North America
Frick concerts present music as lovely as its surroundings

The Frick Collection is the Manhattan home to some of the world's most famous paintings by the likes of Vermeer, Holbein and Turner. But music lovers also know the museum as one of the city's special places.

The Frick, fronting the east side of Central Park (and once the mansion of steel magnate Henry Clay Frick), has hosted an early-evening concert series in its circular, 175-seat Music Room for 70 years. The venue's intimacy and clear acoustic puts listeners in rare touch with chamber musicians and vocalists. The artists are high quality, and a Frick debut has helped make the name of many.

The Calefax Reed Quintet, one of the classical arena's best-kept secrets, returned to the Frick on Tuesday. Music played merely on oboe, clarinet, saxophone, bass clarinet and bassoon may seem like an austere prospect, but the ingenious musicality of these stylish Dutchmen transcends format. Their program, exploring inspirations between composers from the French Baroque to the Jazz Age, was a marvel of color and line as beautiful in its way as the paintings just outside the door.

There has been little music written especially for a quintet of reed instruments, but Calefax has created a repertoire for itself. A wonderful series of recordings for the German label MDG documents the group's rearrangements of vocal and keyboard originals from Byrd and Bach to Shostakovich and Arvo Pärt.
The ensemble's textural makeover of harpsichord suites by Rameau made for one of this listener's favorite recordings of the past few years. At the Frick, Calefax played excerpts from Rameau's "Suite la Triomphante." The arrangement vivisects the music so that its inner workings are apparent in a piquant, plaintive way that the keyboard original can't match.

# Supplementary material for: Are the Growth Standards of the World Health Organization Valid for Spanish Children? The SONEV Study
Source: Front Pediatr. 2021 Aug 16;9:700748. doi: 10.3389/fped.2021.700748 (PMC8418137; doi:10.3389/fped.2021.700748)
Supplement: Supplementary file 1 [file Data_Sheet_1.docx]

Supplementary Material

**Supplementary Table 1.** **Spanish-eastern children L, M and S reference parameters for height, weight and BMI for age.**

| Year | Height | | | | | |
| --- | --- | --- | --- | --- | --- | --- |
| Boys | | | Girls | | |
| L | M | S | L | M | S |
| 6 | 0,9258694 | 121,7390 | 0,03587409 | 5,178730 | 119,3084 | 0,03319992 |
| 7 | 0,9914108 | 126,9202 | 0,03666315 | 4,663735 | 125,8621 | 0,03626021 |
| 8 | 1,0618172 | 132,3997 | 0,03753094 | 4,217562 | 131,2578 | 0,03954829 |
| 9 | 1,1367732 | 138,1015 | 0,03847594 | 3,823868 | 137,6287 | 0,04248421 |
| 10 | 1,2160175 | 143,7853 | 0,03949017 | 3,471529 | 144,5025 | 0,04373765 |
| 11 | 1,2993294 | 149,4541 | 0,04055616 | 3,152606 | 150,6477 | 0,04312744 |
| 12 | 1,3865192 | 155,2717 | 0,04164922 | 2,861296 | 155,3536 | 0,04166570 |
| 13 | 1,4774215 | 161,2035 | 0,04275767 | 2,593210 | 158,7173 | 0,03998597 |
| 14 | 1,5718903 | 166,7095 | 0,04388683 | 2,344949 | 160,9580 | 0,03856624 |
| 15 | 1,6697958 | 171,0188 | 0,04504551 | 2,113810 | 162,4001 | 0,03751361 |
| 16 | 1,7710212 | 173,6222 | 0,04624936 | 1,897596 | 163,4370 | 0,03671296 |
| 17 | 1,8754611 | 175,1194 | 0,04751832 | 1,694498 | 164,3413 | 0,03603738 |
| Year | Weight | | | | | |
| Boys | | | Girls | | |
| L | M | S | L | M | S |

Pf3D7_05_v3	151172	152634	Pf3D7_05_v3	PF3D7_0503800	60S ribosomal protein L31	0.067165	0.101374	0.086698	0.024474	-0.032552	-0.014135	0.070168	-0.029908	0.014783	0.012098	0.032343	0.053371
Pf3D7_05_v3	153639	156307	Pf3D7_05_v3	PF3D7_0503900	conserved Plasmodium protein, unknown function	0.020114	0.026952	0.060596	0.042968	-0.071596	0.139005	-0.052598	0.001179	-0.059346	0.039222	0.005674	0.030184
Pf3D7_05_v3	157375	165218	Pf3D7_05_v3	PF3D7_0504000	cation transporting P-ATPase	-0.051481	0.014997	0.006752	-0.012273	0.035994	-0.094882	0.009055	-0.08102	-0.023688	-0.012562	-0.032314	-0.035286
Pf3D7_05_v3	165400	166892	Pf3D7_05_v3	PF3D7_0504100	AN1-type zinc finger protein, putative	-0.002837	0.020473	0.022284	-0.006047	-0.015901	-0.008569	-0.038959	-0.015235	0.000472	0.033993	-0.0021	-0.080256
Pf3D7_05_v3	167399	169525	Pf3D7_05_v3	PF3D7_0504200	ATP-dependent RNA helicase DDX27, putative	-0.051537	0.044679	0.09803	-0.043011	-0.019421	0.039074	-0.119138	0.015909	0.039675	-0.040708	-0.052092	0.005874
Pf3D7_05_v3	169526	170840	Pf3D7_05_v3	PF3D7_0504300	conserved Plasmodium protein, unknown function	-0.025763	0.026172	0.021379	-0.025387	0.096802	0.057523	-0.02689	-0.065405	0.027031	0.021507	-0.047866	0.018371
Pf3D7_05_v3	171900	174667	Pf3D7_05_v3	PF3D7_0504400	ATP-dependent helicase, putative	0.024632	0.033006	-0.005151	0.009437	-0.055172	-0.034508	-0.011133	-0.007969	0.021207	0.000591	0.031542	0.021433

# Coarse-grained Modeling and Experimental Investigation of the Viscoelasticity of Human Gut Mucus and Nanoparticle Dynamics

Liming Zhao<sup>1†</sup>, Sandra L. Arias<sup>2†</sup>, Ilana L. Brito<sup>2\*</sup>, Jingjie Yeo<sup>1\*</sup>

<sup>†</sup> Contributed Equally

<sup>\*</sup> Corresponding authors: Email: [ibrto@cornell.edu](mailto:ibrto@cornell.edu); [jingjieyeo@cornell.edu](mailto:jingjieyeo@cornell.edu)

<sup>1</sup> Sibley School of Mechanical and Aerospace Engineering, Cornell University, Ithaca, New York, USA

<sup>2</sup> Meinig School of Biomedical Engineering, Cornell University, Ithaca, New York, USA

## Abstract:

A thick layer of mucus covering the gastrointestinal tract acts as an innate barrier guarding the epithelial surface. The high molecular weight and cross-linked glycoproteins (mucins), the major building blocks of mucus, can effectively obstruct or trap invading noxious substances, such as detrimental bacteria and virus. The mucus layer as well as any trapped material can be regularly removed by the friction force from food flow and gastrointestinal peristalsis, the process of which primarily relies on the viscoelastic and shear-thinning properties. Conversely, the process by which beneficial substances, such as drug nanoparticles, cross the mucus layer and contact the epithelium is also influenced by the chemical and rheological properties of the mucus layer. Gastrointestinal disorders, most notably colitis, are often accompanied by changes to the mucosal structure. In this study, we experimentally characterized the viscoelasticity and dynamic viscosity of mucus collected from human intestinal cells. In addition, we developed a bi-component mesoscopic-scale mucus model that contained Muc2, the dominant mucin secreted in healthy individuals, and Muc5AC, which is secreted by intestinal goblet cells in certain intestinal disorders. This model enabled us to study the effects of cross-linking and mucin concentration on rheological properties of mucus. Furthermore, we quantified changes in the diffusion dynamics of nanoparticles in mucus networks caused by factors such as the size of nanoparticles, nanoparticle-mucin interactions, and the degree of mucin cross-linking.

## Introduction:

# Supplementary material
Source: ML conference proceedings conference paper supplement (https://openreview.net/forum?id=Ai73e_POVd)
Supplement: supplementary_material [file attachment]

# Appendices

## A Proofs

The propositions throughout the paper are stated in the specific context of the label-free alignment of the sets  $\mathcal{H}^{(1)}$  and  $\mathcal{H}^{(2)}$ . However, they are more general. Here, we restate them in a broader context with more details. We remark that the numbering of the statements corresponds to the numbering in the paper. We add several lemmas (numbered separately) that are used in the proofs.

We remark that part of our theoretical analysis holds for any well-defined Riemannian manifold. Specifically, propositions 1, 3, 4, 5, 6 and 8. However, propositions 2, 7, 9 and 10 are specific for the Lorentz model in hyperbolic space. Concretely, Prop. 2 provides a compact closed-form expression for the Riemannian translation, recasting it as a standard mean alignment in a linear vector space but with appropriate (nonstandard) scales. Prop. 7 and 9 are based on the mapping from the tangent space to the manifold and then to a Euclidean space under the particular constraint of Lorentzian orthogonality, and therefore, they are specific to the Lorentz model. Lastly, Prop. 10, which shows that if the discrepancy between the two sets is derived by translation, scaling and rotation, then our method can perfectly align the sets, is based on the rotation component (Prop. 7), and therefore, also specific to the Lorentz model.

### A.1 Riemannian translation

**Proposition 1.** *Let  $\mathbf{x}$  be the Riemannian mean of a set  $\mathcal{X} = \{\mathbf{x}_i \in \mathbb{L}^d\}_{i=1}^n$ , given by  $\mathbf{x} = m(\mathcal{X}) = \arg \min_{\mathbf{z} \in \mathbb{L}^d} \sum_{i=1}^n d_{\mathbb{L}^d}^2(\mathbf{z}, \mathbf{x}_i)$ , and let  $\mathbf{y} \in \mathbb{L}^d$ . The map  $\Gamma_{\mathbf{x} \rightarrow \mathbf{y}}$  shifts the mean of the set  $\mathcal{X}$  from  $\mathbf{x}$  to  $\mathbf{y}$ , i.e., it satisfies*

Saxophonist Raaf Hekkema, the group's most prolific arranger, also recast Ravel's 20th-century homage to another French Baroque composer with "Le Tombeau de Couperin." An elegant arranger himself, Ravel famously orchestrated some of his piano original. If the Calefax reeds couldn't hope to equal the orchestration's dynamic glitter, Hekkema's switch from soprano to alto sax was an ideally Ravelian touch. The music demands virtuosity and got it, with quicksilver fluency from oboist Oliver Boekhoorn.

The timbral expansions of fin de siè-cle piano études by Scriabin transformed the languid, Chopin-esque pieces into something rougher and Mussorgsky-like. Having charmed in a bit from Tchaikovsky's "Nutcracker," Calefax then showed its rhythmic suppleness in excerpts from Ellington's kaleidoscopically hip rewrite of "The Nutcracker," including a cool, jazzy outburst from Hekkema's alto.

There were encores of Ellington's "Sophisticated Lady" and a playful Conlon Nancarrow study in counterpoint. But the big hit with the typically attentive crowd was Hekkema's refraction of "God Bless the Child," a Billie Holiday tune later turned into an avant-jazz fantasy for bass clarinet by Eric Dolphy. Jelte Althuis played Dolphy's abstraction intact, framed by the others' blue notes. It wasn't exactly Dolphy jamming with the Ellington band, but as usual with Calefax, familiar music gained a new dimension, as if a painting had been turned into a sculpture.

The Frick summer Tuesday season ends Aug. 12 with Ensemble Caprice, which will perform Renaissance-era Gypsy music on period instruments. Tickets for Frick concerts are $25; go to frick.org or call (212) 547-0715. The museum is located at 1 E. 70th St., near Fifth Avenue.

Back to List
Back to Top